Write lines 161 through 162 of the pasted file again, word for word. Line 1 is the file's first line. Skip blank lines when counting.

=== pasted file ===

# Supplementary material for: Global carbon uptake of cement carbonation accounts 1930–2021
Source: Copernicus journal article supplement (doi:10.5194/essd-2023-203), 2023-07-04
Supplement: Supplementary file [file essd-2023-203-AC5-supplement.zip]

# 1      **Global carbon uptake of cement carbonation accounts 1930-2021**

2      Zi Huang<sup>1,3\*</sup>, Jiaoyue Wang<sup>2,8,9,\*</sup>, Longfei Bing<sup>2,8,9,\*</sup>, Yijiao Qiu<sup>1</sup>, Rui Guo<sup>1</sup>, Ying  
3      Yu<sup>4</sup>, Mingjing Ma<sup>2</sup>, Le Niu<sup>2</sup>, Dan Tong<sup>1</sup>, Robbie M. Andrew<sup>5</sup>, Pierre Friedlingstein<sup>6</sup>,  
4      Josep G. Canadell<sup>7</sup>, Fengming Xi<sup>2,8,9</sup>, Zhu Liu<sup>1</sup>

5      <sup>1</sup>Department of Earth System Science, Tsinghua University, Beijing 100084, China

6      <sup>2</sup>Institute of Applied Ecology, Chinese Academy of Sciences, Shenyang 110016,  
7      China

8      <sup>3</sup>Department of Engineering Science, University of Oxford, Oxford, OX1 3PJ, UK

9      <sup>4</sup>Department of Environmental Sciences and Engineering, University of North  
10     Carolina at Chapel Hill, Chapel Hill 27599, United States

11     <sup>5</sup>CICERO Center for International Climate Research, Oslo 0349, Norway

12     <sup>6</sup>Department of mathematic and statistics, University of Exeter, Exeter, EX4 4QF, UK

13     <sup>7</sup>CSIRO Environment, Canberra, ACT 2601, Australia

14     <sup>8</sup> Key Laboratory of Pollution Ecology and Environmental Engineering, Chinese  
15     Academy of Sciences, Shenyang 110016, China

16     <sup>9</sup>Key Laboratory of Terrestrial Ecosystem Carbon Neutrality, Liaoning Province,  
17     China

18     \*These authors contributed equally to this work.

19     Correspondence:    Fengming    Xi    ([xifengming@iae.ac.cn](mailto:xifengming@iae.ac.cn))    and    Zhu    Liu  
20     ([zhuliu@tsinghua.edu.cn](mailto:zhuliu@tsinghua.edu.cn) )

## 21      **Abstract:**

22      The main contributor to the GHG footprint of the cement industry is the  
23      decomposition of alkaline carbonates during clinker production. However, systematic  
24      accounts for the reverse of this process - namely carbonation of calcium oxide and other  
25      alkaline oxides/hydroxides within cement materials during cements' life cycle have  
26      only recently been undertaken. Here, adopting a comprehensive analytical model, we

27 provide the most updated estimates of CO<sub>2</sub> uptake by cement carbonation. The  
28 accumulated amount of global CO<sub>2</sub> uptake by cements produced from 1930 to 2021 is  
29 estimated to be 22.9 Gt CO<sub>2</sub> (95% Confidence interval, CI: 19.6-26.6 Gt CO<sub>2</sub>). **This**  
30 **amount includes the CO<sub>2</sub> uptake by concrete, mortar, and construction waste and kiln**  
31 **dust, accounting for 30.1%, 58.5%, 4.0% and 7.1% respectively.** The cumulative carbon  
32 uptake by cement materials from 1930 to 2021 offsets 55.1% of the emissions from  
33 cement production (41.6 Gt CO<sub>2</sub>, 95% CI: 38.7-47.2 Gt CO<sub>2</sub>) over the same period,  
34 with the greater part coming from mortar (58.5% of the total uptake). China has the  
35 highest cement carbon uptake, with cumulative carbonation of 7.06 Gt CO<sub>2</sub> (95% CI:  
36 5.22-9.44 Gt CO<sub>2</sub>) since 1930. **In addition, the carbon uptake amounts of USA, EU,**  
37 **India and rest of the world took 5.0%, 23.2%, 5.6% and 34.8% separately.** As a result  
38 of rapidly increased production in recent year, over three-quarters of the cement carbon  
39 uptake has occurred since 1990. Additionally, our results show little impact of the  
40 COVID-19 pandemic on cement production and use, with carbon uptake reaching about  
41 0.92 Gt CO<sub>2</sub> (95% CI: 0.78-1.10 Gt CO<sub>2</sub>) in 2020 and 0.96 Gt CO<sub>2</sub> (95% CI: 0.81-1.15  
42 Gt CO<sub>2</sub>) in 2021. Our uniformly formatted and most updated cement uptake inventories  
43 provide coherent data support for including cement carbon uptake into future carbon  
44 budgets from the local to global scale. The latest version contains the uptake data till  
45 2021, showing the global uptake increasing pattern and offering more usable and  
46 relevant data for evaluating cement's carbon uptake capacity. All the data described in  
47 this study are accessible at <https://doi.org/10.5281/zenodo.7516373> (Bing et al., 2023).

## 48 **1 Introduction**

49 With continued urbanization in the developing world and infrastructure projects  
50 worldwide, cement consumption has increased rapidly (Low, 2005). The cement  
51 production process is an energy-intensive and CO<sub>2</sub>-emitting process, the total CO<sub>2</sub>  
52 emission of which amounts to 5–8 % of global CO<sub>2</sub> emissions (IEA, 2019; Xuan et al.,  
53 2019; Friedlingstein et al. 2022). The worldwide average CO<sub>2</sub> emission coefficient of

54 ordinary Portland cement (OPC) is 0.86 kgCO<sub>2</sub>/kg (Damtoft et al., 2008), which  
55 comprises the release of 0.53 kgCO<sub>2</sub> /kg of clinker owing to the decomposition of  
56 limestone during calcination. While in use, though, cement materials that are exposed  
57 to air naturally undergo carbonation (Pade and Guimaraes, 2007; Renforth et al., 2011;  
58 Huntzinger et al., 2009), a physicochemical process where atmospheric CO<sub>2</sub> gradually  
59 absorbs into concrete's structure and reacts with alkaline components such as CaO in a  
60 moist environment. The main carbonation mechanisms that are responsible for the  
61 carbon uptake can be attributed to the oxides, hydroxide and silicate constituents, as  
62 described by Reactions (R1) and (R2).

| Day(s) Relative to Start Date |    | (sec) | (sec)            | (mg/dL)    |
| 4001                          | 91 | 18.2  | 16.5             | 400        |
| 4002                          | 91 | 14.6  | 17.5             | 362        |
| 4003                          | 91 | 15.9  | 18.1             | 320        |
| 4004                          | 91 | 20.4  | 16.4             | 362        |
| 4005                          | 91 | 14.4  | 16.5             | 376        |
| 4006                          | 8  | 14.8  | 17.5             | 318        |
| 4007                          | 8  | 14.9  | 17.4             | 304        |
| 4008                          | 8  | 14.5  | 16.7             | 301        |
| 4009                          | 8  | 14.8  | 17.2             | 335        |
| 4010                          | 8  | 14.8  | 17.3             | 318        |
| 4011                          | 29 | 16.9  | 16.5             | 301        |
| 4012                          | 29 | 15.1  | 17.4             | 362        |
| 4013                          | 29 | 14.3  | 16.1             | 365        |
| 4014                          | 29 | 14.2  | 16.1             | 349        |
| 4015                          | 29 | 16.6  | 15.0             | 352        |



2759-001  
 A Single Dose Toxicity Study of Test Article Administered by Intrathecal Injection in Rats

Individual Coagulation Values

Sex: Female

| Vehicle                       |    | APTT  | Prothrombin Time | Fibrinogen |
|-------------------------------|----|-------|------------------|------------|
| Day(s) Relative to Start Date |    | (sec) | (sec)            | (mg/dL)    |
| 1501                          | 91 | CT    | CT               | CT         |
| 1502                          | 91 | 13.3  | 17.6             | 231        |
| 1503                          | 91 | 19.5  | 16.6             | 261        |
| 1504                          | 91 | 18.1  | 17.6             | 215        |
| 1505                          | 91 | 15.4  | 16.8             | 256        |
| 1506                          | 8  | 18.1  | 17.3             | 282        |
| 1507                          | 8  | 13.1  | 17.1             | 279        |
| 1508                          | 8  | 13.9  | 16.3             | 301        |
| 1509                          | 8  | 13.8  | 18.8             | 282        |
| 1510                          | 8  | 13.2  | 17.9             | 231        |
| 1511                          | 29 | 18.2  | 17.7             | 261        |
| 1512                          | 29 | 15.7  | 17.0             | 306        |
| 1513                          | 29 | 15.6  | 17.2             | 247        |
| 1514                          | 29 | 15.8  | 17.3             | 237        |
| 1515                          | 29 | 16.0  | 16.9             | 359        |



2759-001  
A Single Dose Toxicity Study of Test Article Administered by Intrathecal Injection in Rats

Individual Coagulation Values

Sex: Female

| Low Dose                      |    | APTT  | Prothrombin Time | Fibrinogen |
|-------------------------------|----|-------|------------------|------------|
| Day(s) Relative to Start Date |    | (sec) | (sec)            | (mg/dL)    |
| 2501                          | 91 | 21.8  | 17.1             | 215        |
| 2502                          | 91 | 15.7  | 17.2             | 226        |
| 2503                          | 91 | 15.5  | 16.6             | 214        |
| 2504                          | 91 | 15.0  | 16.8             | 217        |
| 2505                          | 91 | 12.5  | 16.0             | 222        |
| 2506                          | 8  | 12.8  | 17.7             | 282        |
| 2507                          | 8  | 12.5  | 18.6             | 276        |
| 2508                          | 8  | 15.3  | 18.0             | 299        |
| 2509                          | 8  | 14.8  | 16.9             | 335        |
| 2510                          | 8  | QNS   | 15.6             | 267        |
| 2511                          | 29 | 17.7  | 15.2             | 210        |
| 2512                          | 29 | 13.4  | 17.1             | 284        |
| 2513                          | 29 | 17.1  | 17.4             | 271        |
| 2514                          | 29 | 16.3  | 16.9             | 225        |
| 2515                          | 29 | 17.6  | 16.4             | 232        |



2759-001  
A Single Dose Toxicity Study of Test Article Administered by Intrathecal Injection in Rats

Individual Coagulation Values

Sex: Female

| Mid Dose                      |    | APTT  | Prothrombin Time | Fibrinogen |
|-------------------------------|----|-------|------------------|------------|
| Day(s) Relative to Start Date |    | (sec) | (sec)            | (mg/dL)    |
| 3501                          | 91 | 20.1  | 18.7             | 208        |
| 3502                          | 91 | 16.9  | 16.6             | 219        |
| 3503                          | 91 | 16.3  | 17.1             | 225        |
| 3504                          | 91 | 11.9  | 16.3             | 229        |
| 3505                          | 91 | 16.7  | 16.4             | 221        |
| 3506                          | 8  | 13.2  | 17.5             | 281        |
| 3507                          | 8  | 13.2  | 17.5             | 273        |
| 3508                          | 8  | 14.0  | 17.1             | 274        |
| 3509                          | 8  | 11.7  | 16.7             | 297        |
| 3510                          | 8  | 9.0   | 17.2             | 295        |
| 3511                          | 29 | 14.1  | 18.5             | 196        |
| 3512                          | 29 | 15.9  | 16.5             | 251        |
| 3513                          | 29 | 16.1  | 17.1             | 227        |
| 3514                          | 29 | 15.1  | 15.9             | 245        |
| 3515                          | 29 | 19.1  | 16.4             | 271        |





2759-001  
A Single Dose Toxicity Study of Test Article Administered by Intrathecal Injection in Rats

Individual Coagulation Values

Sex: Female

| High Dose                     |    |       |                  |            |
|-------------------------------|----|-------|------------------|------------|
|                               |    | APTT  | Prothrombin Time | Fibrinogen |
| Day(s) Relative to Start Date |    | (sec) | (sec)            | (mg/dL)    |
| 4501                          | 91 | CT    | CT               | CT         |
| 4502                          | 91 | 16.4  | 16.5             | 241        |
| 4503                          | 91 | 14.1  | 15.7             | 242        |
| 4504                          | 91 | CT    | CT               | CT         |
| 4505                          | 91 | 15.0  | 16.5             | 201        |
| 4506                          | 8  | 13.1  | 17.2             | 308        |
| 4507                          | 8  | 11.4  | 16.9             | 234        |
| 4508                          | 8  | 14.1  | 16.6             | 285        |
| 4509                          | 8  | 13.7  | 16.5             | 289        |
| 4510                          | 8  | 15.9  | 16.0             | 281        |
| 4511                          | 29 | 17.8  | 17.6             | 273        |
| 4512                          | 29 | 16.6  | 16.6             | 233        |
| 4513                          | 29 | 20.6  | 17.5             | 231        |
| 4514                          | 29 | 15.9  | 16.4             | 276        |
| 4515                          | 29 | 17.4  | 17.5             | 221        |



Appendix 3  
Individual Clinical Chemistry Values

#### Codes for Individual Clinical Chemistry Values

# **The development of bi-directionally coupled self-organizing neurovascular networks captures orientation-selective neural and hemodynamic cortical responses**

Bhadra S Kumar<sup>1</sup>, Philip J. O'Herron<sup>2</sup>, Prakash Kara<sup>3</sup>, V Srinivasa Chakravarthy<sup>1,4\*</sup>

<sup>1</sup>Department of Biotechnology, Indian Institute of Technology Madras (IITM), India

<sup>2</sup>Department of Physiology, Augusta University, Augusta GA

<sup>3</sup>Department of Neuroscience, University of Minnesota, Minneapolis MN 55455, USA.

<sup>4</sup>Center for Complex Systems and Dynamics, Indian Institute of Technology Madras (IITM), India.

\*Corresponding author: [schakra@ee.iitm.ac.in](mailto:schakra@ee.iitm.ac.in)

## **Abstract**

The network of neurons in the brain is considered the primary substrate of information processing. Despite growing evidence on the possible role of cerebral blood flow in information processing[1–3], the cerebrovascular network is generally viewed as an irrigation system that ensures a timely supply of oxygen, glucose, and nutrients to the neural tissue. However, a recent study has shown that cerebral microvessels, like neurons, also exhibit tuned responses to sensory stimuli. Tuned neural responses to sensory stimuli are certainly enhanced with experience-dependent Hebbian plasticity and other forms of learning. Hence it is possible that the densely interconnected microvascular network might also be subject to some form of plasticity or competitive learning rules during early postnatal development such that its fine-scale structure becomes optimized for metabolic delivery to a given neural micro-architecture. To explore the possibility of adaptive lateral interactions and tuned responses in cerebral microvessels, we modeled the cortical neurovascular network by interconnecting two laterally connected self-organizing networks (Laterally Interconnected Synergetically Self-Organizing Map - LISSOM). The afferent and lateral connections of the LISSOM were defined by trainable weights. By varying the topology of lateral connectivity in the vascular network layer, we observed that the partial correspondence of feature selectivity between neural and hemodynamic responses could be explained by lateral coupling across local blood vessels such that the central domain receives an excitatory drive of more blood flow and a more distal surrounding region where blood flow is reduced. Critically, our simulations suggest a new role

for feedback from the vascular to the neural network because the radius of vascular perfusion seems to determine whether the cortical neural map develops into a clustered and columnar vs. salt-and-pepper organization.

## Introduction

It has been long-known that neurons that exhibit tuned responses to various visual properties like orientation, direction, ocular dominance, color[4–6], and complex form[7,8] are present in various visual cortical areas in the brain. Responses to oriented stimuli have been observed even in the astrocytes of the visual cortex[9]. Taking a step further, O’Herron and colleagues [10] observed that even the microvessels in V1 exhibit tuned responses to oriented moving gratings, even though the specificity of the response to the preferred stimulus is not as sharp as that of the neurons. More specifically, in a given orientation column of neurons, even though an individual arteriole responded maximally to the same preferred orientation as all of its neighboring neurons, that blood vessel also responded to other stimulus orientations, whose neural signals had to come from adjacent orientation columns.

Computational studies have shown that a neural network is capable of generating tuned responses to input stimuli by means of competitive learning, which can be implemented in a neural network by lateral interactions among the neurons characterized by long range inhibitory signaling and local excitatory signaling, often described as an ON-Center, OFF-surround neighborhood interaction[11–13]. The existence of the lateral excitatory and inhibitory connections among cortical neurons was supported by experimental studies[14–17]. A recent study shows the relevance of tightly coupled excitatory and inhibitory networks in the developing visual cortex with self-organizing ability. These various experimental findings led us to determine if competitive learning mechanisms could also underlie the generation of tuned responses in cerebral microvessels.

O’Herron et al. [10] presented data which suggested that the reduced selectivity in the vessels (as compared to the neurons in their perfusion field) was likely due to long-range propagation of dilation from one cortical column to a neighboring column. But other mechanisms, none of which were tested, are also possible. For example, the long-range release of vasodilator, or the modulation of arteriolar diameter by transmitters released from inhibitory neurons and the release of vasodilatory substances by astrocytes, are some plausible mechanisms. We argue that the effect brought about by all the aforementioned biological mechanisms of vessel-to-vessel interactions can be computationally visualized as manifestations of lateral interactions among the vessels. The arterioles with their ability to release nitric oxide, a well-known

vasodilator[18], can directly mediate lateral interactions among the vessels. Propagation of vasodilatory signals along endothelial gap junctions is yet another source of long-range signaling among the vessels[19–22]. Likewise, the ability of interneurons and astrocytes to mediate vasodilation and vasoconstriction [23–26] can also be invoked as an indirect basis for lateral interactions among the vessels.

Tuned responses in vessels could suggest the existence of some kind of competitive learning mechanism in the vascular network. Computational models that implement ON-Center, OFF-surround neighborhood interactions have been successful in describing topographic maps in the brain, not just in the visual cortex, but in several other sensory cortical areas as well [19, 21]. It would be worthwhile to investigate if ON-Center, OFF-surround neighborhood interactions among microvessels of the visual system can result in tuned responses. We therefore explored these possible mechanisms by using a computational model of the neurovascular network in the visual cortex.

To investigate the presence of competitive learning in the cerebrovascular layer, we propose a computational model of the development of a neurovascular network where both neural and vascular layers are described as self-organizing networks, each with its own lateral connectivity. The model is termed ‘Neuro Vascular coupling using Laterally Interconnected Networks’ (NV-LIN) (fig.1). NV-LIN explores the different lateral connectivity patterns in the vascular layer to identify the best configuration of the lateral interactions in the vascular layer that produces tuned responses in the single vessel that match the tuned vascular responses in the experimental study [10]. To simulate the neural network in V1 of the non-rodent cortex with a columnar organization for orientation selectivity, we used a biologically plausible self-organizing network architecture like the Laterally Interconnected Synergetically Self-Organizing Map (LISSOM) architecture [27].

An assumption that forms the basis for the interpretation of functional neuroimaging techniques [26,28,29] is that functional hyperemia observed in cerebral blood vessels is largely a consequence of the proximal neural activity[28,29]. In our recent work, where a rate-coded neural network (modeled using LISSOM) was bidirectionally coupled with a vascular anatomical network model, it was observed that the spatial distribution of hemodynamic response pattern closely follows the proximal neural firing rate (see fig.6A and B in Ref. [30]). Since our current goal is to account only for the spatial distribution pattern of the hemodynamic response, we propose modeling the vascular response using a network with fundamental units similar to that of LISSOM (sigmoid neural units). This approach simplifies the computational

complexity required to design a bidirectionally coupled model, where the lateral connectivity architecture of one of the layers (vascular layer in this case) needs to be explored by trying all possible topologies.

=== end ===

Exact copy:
| 4506                          | 8  | 13.1  | 17.2             | 308        |
| 4507                          | 8  | 11.4  | 16.9             | 234        |